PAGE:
By Josie Tankunani Sirivi, Marilyn Taleo Havini
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Additional info for As Mothers of the Land: The Birth of the Bougainville Women for Peace and Freedom
We eventually flew out of Bougainville on 5 January, 1990, after a very emotional series of farewells and reassurances to our clan that we were not leaving for long. Five days later, the Australian Government evacuated all its and many foreign citizens. Moses began his law studies at Sydney University and I did one term of casual teaching before gaining a permanent appointment as a high school visual arts teacher in Sydney. We hadn’t realised how traumatised we all were until we found ourselves ducking for cover whenever a helicopter passed overhead or a car backfired or we found ourselves crying at the news and our ears were alert to every report.
Marcelline and I sat together on the veranda and sobbed our hearts out. At last, the pent-up fears and anger found expression as we cried, grieved, ranted and prayed together. This experience marks for ever, to me, the day I counted myself once more in the struggle. I had tried to ignore the war — weary from the 20-year-long haul of trying to develop Bougainville. I was struggling with a personal anger at PNG for its misuse of power, its refusal to face the root causes of our grievances and yet, on the other hand, I had even resented these young Bougainvillean militants who were threatening to destroy all of Bougainville’s hard work.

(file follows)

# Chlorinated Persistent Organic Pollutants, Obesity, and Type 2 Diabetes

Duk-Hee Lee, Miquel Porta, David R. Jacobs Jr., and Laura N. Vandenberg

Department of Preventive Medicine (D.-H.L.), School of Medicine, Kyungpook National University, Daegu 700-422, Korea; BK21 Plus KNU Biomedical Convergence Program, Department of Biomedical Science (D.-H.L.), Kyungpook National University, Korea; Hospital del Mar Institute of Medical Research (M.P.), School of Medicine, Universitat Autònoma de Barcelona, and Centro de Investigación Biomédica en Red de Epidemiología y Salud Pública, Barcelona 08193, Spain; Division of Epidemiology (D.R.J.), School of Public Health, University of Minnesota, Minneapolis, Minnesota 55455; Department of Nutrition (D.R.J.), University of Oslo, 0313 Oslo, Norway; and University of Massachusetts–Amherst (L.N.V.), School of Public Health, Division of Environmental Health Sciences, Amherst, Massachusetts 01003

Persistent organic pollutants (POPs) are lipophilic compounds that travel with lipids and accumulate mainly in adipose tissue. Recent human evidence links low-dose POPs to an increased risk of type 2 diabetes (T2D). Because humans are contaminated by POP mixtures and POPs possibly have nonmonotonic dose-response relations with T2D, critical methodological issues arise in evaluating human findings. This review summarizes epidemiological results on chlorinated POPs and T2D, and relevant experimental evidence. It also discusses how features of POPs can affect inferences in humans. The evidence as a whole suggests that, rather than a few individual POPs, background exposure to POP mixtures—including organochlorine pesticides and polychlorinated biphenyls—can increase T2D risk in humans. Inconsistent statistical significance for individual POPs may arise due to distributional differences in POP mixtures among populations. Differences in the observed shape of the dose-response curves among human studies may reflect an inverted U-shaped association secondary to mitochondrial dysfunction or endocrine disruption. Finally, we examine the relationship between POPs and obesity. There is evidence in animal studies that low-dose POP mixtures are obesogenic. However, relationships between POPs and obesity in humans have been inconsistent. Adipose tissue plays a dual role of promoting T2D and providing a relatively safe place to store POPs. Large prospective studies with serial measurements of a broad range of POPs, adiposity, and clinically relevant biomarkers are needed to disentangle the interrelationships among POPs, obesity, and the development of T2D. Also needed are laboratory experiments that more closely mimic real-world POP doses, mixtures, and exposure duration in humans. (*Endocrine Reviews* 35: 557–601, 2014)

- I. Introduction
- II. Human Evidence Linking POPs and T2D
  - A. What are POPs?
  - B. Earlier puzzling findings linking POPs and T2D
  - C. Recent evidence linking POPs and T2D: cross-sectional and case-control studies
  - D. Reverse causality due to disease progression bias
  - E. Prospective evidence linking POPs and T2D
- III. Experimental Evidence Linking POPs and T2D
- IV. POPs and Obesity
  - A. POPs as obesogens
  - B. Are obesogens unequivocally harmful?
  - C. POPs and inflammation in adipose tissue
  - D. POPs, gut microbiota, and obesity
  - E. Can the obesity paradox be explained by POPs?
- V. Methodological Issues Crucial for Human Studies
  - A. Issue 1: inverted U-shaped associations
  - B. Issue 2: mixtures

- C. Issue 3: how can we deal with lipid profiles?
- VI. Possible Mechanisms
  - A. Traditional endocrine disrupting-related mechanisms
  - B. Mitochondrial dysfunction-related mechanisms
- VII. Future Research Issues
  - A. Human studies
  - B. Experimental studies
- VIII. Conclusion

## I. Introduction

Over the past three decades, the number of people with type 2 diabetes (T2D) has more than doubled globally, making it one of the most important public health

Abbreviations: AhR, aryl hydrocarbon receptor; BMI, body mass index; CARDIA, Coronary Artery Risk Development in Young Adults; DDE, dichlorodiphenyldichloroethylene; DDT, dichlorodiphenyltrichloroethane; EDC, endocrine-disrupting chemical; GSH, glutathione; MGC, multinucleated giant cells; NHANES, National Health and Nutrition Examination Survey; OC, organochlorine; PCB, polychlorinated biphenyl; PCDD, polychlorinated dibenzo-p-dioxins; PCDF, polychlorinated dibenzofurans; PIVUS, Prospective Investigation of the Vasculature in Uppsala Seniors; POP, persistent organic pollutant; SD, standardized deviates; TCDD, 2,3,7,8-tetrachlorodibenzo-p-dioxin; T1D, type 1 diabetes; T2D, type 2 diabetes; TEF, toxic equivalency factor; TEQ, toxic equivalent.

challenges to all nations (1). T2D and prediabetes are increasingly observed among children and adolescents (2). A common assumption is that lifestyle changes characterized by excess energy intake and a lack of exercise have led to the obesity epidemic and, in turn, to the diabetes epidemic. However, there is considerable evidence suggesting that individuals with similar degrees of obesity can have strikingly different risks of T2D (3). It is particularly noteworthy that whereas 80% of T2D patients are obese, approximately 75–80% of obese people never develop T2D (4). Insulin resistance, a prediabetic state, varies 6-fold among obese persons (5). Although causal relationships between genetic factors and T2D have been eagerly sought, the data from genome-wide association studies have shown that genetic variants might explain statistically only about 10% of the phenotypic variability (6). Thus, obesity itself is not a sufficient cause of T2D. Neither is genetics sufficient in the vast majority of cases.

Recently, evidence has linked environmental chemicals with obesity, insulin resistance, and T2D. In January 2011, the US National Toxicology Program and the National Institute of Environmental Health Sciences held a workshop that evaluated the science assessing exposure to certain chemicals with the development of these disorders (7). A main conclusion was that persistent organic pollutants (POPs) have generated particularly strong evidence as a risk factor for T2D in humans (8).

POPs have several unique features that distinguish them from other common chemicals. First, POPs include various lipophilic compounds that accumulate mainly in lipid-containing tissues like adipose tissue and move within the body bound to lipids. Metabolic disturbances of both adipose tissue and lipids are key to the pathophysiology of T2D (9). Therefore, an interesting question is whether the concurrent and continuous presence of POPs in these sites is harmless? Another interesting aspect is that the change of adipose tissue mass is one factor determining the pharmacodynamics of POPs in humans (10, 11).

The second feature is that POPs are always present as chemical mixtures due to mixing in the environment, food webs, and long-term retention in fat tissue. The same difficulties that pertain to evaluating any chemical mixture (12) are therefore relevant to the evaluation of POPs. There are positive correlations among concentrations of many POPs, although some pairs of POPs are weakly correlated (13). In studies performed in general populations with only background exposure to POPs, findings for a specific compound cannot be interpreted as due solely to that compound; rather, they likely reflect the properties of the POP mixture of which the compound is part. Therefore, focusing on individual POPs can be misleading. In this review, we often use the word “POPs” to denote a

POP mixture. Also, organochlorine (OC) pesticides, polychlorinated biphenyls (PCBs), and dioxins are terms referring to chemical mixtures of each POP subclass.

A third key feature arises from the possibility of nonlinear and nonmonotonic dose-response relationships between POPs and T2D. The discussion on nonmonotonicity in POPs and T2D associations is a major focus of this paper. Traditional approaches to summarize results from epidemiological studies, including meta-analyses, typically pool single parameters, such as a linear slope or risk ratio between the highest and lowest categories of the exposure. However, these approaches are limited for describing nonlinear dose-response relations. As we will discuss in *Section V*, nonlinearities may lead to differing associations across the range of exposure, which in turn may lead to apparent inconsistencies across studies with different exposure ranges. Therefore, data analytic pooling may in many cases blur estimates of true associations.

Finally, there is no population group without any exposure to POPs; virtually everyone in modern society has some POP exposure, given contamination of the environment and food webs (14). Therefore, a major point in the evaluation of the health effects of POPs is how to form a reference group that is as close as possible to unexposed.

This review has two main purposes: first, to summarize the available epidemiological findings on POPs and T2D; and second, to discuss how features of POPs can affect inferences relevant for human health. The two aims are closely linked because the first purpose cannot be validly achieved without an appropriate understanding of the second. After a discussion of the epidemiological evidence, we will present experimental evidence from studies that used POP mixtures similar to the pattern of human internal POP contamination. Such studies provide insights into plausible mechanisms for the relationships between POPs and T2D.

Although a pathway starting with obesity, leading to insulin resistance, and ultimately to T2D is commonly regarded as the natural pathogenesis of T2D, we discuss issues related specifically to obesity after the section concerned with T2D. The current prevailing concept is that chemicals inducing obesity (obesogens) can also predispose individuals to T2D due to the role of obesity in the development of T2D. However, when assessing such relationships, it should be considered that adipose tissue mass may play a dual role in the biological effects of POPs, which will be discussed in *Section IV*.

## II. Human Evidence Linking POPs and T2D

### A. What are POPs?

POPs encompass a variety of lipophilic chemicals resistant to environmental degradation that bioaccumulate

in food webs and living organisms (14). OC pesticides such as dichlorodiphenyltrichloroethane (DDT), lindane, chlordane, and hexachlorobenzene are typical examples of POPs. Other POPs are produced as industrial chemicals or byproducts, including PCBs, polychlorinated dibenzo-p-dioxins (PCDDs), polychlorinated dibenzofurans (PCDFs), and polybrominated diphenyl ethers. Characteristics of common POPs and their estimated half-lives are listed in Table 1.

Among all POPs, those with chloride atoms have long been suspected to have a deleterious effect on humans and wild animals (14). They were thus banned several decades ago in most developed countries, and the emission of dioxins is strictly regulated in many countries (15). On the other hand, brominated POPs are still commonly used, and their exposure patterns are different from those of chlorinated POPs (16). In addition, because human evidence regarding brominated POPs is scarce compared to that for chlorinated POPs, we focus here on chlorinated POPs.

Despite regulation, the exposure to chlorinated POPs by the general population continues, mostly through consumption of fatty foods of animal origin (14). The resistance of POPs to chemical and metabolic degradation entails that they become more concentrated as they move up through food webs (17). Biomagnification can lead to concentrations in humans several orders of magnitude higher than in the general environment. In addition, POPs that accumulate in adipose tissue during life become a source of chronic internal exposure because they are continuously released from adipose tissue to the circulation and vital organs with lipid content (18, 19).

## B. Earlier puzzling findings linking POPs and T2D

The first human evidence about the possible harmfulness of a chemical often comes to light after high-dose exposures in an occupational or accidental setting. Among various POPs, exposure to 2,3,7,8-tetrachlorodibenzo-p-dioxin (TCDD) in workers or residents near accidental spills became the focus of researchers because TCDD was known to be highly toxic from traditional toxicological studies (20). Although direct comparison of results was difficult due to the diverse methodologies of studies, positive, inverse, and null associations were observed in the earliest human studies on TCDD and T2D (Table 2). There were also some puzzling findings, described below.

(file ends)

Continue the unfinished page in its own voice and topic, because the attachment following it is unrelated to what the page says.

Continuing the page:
It was difficult to see the track but we waddled down the steep hill, half sliding with the loads on our backs, groping and holding fast to the plants beside the track to keep us from falling. When we got to the steepest part of the descent, I fell on my stomach and slid down the hill head-first, all the while gaining speed. I was lucky the heavy bag of food didn’t crush my bones. My sister-in-law heard me shouting as I fell and asked what the matter was. I shouted from under my load, ‘I fell down’, but unfortunately the weight of my burden smothered me and she found it difficult to hear me, my face being squashed flat against the hill.
As Mothers of the Land: The Birth of the Bougainville Women for Peace and Freedom by Josie Tankunani Sirivi, Marilyn Taleo Havini